Yesterday, the Supreme Court announced that it will hear another case on the constitutionality of gerrymandering. This is not the first such case to come before the nation’s highest court, nor is it the only one scheduled to come up on the docket in coming months. However, the outcome will have major ramifications on elections across the nation going forward – particularly regarding the balance of power between the two major parties.

The case is Gill v. Whitford. It specifically addresses the issue of whether or not either the GOP or the Democratic Party have drawn electoral district boundaries in ways that give their own candidates an advantage. The case originated in Wisconsin, where in 2011, three federal judges ruled that the state legislature unconstitutionally drew district boundaries in ways that benefited GOP candidates. Those boundaries were ordered to be redrawn. Predictably, Wisconsin Republicans have been fighting back, applying to the Supreme Court for a stay of the lower court’s order until the case is decided. That stay was granted on Monday in a 5-4 decision.

Guess which SCOTUS justices voted in favor of the GOP defendants?

Wisconsin’s GOP Attorney General, Brad Schimel couldn’t be more pleased. “[We are] thrilled the Supreme Court has granted our request to review the redistricting decision and that Wisconsin will have an opportunity to defend its redistricting process. As I have said before, our redistricting process was entirely lawful and constitutional, and the district court should be reversed,” he said.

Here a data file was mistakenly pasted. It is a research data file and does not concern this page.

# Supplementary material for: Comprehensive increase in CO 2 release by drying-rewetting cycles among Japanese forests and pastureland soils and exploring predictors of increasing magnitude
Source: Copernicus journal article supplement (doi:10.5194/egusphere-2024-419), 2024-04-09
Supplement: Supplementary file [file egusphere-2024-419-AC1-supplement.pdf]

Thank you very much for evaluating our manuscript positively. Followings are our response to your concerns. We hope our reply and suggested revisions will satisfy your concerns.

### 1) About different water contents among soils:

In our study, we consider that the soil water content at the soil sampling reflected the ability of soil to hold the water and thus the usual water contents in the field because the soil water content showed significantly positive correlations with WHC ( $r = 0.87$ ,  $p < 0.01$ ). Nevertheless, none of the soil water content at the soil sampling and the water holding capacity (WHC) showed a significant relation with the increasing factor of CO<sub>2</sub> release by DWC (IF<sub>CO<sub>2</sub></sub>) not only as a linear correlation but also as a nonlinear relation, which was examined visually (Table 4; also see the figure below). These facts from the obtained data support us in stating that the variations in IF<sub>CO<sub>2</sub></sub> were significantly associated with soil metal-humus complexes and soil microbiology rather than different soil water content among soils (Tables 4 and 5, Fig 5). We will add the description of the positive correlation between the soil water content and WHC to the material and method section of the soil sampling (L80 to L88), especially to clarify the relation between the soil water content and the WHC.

Naturally, Schimel is popping the proverbial champagne cork. In the 2012 election, the GOP got less than 49% of the statewide vote, yet somehow managed to win almost two-thirds of the seats in the Wisconsin legislature.

Wisconsin is a microcosm of the nation at large. For example, back in January, Salon published an article on how the majority of Americans support “liberal” ideas such as universal, single payer health care for all, aggressive action on climate change, and a more equitable economy that serves all working people, not just the top 2%.

Despite this, the nation is now held hostage to the extreme right-wing, pro-corporate, anti-citizen, plutocratic GOP, which has now effectively captured all three branches of the federal government as well as the majority of state houses.

Although gerrymandering isn’t the entire reason that we have wound up here instead of there, it has certainly played a large part – and history has repeatedly shown that tyrants drunk on their own power do not give it up without a fight.

Wendy S. Johnson, one of the plaintiffs in Gill, expressed hope:

I’m grateful the Supreme Court will hear our case and listen to our stories of how we are harmed. No matter which side of the aisle you’re on, we should all be able to agree on one thing: as voters in a democracy we should have the right to freely choose our representatives rather than endure a system where politicians manipulate our district lines, dilute our votes, and choose their own constituents.”

Ms. Johnson added, “The Supreme Court’s ruling could give us back our right to have our vote count.”

The big question is, will it? Or has the GOP’s stacking of the Supreme Court for decades to come effectively sealed American democracy’s doom? The answer is far from clear.